If you are not a football fan, there are many delightful ways to spend Sunday. Instead of being glued to your TV set, watching sets of grown men, pumped up with steroids and padded into behemoth tanks chase a tiny ball around a muddy field, try some of the following at the Asian Art Museum (and it's a free Sunday!). Celebrate the Lunar New Year and the Year of the Ox at the Asian Art Museum with free admission to a whole series of events from Chinese classical dance and music to a storytelling tour of the galleries.
Then, be sure to check out the small but exquisite exhibit of the Islamic cultures of Asia. This exhibition of approximately sixty paintings, manuscripts, ceramics, textiles, metal wares, historic photographs, and even puppets highlights their superb artistic traditions. My only criticism is that I wished for more historical information on the manuscripts. For instance, I would have loved to read translations of the poetry and an explanation of the various calligraphic styles. Since I am a calligrapher, I am fascinated by the calligraphy of different countries and the manuscripts were in obviously different styles - from script that must have been written with a one-haired brush to other ones that were bolder and more stylized. But it's a small quibble; go and be amazed at the skill and the beauty.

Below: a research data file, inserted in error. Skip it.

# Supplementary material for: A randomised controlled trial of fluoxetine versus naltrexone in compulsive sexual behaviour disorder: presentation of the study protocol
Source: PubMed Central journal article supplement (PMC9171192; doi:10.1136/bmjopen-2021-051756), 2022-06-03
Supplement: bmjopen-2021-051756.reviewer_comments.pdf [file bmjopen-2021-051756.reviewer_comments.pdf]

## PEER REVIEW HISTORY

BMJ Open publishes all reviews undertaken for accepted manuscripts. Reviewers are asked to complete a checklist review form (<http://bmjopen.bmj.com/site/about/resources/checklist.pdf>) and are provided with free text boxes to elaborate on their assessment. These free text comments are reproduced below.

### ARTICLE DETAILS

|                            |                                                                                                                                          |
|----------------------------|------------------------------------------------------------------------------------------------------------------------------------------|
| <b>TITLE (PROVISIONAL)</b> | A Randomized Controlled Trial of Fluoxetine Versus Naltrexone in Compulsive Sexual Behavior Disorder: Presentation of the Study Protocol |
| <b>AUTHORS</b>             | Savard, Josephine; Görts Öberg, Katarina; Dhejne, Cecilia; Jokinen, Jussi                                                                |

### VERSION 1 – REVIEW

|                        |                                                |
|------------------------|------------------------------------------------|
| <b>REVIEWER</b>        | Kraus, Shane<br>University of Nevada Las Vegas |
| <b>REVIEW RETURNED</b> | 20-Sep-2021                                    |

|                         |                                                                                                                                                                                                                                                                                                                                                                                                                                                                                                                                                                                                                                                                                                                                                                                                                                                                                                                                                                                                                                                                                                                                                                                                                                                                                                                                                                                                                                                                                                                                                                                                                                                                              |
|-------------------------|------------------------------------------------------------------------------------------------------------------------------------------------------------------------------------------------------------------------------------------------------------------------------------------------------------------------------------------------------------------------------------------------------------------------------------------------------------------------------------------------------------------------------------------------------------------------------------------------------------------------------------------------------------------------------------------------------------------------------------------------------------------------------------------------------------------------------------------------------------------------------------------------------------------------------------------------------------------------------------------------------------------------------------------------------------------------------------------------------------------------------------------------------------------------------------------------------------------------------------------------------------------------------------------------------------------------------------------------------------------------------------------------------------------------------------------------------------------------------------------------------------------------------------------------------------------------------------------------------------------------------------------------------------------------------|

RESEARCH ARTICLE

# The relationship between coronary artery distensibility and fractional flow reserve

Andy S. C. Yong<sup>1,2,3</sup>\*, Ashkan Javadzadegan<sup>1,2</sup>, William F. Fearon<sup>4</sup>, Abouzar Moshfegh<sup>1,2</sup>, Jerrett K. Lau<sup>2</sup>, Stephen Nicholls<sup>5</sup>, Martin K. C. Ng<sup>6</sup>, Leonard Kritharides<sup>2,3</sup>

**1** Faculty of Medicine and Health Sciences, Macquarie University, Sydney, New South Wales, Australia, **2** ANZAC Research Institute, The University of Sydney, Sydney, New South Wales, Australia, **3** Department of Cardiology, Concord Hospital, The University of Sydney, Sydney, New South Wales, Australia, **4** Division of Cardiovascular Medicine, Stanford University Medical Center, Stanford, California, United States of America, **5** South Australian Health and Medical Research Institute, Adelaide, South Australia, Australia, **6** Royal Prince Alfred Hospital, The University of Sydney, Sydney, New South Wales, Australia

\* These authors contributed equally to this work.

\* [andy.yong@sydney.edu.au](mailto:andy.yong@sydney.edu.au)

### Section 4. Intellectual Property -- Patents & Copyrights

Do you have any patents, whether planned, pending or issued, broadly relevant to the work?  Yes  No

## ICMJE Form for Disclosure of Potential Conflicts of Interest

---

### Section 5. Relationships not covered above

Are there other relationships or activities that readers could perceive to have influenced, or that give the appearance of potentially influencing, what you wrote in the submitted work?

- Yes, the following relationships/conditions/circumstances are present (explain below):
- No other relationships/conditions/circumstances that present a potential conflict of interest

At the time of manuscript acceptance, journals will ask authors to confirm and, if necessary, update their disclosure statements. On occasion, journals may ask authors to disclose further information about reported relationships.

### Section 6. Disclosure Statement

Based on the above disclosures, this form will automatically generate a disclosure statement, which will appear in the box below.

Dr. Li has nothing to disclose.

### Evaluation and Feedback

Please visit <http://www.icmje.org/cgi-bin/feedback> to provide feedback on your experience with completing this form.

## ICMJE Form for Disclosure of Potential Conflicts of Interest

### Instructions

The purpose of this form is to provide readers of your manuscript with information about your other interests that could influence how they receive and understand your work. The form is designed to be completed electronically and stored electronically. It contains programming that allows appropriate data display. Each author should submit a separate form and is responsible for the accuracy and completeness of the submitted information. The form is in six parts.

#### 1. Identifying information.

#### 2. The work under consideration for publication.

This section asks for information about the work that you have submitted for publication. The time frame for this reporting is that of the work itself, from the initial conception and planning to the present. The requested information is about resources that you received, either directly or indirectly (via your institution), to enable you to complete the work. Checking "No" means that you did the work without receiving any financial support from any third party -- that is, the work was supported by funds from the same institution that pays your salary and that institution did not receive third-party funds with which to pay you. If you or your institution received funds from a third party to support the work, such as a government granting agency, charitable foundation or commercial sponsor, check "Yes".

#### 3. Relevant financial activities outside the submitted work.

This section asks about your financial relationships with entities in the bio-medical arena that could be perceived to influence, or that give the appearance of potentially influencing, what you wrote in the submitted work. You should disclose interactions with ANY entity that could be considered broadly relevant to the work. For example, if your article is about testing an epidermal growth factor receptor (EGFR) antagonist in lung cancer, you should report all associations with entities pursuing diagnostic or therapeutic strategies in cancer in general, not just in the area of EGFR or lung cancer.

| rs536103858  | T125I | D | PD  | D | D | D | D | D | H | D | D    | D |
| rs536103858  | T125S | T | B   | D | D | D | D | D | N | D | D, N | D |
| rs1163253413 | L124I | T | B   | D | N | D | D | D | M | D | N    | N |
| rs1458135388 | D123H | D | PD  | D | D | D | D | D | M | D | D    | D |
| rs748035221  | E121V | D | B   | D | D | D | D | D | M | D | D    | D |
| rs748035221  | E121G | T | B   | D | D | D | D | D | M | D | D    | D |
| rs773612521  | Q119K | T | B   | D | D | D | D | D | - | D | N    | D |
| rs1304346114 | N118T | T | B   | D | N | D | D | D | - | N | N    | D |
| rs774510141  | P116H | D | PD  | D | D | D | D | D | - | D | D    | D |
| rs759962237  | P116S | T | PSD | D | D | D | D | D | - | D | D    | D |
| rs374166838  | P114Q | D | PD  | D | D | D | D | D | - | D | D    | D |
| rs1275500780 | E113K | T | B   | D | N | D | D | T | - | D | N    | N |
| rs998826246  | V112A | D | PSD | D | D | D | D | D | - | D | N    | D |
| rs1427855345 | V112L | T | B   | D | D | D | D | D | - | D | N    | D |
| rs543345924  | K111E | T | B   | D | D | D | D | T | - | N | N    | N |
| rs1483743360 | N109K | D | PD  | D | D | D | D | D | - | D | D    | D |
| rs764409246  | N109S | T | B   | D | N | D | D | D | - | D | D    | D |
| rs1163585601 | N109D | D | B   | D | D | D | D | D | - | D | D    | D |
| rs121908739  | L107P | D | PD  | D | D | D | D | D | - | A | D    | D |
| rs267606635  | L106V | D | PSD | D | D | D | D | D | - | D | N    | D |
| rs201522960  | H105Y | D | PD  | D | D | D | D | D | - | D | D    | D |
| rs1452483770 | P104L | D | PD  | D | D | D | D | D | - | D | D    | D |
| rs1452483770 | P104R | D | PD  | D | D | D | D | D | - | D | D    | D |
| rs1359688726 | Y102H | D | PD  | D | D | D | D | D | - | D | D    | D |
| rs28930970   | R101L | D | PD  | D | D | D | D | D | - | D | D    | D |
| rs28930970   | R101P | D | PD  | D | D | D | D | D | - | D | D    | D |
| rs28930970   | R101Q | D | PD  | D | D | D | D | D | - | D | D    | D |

AND then, if you still have the energy, watch the ongoing demonstrations of Japanese Bamboo arts (Thursdays through Sundays, January 29 through February 8, 2009 from 12:00 noon – 4:00 pm, North Court). The third floor of the museum has a small but perfect display of bamboo baskets.
If you walk down the corridor a bit, you come to one of the most overlooked parts of the museum. The piece is easy to miss as it's in back of a partial wall, at the entrance to one of the bridges linking two wings of the museum. The wall creates a rectangular alcove and in the middle of this alcove is a simple, rough black rock sculpture with a shinning surface. The surface is not glass or polished rock but is created by water, slowly pumped through a hidden opening. I always sit at the wooden bench build into one end of the small room and breathe in peace.